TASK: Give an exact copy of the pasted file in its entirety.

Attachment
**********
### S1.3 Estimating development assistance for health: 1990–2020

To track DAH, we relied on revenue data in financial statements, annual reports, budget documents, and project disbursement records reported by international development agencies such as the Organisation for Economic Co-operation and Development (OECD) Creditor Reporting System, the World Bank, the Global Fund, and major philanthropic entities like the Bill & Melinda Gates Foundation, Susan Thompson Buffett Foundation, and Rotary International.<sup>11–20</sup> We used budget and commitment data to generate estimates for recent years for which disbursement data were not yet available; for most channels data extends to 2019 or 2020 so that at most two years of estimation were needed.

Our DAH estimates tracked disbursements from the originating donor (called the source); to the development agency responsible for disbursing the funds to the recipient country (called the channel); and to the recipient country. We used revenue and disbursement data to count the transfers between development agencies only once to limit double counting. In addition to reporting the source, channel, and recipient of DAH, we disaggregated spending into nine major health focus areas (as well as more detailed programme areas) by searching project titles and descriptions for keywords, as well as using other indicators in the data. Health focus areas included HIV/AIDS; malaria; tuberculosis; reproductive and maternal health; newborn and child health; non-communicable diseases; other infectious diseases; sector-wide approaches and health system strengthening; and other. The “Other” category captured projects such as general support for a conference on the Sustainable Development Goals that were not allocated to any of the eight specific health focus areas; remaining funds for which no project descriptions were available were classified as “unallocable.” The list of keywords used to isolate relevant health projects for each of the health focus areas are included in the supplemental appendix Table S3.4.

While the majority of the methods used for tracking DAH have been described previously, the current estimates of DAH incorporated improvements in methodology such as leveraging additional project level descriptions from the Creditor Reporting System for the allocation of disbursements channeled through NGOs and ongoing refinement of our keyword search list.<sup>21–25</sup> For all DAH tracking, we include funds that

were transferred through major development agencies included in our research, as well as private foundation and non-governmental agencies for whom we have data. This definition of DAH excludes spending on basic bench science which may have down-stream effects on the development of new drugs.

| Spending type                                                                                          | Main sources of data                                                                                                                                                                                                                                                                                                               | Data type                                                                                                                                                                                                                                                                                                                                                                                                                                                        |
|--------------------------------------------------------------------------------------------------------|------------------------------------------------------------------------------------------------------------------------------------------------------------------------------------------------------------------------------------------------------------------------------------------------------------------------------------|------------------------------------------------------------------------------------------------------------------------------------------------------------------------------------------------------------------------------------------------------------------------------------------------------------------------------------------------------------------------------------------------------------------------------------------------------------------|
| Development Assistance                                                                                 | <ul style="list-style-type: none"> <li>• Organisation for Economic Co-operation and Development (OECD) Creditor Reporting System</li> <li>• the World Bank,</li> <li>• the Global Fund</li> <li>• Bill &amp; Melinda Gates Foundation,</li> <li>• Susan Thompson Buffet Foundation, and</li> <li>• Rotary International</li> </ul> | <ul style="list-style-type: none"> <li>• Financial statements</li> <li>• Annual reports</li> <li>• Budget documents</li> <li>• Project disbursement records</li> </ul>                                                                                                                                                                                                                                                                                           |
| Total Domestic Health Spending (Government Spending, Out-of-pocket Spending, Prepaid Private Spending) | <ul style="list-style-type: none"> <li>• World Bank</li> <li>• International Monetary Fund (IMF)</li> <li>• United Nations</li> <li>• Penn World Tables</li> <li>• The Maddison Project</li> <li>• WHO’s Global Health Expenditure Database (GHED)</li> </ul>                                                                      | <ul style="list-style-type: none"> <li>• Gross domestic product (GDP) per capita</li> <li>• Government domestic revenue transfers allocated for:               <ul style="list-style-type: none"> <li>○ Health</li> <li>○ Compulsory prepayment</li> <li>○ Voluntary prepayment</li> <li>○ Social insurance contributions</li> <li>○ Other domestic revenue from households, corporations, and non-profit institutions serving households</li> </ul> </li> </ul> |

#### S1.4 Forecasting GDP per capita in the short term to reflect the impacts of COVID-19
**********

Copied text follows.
### S1.3 Estimating development assistance for health: 1990–2020

To track DAH, we relied on revenue data in financial statements, annual reports, budget documents, and project disbursement records reported by international development agencies such as the Organisation for Economic Co-operation and Development (OECD) Creditor Reporting System, the World Bank, the Global Fund, and major philanthropic entities like the Bill & Melinda Gates Foundation, Susan Thompson Buffett Foundation, and Rotary International.<sup>11–20</sup> We used budget and commitment data to generate estimates for recent years for which disbursement data were not yet available; for most channels data extends to 2019 or 2020 so that at most two years of estimation were needed.

Our DAH estimates tracked disbursements from the originating donor (called the source); to the development agency responsible for disbursing the funds to the recipient country (called the channel); and to the recipient country. We used revenue and disbursement data to count the transfers between development agencies only once to limit double counting. In addition to reporting the source, channel, and recipient of DAH, we disaggregated spending into nine major health focus areas (as well as more detailed programme areas) by searching project titles and descriptions for keywords, as well as using other indicators in the data. Health focus areas included HIV/AIDS; malaria; tuberculosis; reproductive and maternal health; newborn and child health; non-communicable diseases; other infectious diseases; sector-wide approaches and health system strengthening; and other. The “Other” category captured projects such as general support for a conference on the Sustainable Development Goals that were not allocated to any of the eight specific health focus areas; remaining funds for which no project descriptions were available were classified as “unallocable.” The list of keywords used to isolate relevant health projects for each of the health focus areas are included in the supplemental appendix Table S3.4.

While the majority of the methods used for tracking DAH have been described previously, the current estimates of DAH incorporated improvements in methodology such as leveraging additional project level descriptions from the Creditor Reporting System for the allocation of disbursements channeled through NGOs and ongoing refinement of our keyword search list.<sup>21–25</sup> For all DAH tracking, we include funds that

were transferred through major development agencies included in our research, as well as private foundation and non-governmental agencies for whom we have data. This definition of DAH excludes spending on basic bench science which may have down-stream effects on the development of new drugs.

| Spending type                                                                                          | Main sources of data                                                                                                                                                                                                                                                                                                               | Data type                                                                                                                                                                                                                                                                                                                                                                                                                                                        |
|--------------------------------------------------------------------------------------------------------|------------------------------------------------------------------------------------------------------------------------------------------------------------------------------------------------------------------------------------------------------------------------------------------------------------------------------------|------------------------------------------------------------------------------------------------------------------------------------------------------------------------------------------------------------------------------------------------------------------------------------------------------------------------------------------------------------------------------------------------------------------------------------------------------------------|
| Development Assistance                                                                                 | <ul style="list-style-type: none"> <li>• Organisation for Economic Co-operation and Development (OECD) Creditor Reporting System</li> <li>• the World Bank,</li> <li>• the Global Fund</li> <li>• Bill &amp; Melinda Gates Foundation,</li> <li>• Susan Thompson Buffet Foundation, and</li> <li>• Rotary International</li> </ul> | <ul style="list-style-type: none"> <li>• Financial statements</li> <li>• Annual reports</li> <li>• Budget documents</li> <li>• Project disbursement records</li> </ul>                                                                                                                                                                                                                                                                                           |
| Total Domestic Health Spending (Government Spending, Out-of-pocket Spending, Prepaid Private Spending) | <ul style="list-style-type: none"> <li>• World Bank</li> <li>• International Monetary Fund (IMF)</li> <li>• United Nations</li> <li>• Penn World Tables</li> <li>• The Maddison Project</li> <li>• WHO’s Global Health Expenditure Database (GHED)</li> </ul>                                                                      | <ul style="list-style-type: none"> <li>• Gross domestic product (GDP) per capita</li> <li>• Government domestic revenue transfers allocated for:               <ul style="list-style-type: none"> <li>○ Health</li> <li>○ Compulsory prepayment</li> <li>○ Voluntary prepayment</li> <li>○ Social insurance contributions</li> <li>○ Other domestic revenue from households, corporations, and non-profit institutions serving households</li> </ul> </li> </ul> |

#### S1.4 Forecasting GDP per capita in the short term to reflect the impacts of COVID-19